Much of this will be recounted, to our horror, as the case proceeds.
Yesterday, the Mail reported how a pensioner from Putney in South London appears to be the only living individual accused of human rights abuses relating to the Mau Mau uprising.
The British crackdown was brutal and almost certainly what today would be termed a disproportionate response.
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The burying alive of those who refused was a powerful incentive to any who doubted the cause or might be tempted to disobey.
Peter Mungai, an African Christian, was forced to watch as a Mau Mau gang slowly strangled his best friend before finishing him off with a machete.
Another Army patrol came on the butchered remains of an African hung in pieces on a fence.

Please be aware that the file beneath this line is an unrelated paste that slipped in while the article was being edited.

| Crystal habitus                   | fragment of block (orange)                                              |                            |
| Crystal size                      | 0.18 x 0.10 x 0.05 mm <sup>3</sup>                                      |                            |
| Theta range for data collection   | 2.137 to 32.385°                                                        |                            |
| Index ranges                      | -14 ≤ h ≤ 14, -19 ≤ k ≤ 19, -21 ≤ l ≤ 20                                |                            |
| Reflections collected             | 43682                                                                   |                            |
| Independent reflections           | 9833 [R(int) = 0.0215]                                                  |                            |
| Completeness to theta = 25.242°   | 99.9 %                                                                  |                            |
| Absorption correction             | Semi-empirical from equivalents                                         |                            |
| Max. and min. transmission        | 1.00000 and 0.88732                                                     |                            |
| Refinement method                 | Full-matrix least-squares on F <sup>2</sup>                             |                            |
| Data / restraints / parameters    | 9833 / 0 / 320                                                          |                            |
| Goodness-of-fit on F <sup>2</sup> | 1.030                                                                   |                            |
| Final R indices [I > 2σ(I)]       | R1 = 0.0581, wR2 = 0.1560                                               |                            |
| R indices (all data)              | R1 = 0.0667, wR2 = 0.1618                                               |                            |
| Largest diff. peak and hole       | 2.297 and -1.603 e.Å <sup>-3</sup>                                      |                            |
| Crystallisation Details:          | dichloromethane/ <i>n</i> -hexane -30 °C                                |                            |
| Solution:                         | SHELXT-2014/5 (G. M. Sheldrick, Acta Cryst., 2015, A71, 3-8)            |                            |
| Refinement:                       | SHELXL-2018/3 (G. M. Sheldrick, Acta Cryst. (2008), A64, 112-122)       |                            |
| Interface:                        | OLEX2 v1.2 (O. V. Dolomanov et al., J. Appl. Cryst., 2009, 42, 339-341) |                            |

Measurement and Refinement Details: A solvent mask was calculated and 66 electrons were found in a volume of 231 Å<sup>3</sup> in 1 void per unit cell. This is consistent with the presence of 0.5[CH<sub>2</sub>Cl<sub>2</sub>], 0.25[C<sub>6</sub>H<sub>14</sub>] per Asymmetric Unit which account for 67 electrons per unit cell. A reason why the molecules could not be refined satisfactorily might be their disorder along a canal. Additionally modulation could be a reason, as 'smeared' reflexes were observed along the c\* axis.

Africans working for the colonial government were the Mau Mau’s initial victims in 1952, when the uprising began.
One particular chief loyal to the Crown was badly wounded in an attack and taken to hospital.
There, an assailant dressed as a porter slipped in and blew his brains out with a pistol.
The dead man’s finger was sliced off and Mungai was forced to kiss it as part of his initiation ritual.
To reinforce the point, dismembered bodies of opponents were left strung up for all to see.
Kenya’s rebels — today hailed as freedom fighters against a repressive colonial British administration — had claimed four more victims in their fight for independence.
It was late January 1953 — 58 years ago — when the Ruck family died their terrible deaths, just a few months into the eight-year state of emergency in which police, aided by several battalions of British soldiers, battled an elusive underground army of insurgents.
Particularly at risk were the families of those who joined a 25,000-strong ‘Home Guard’ of Africans set up by the authorities.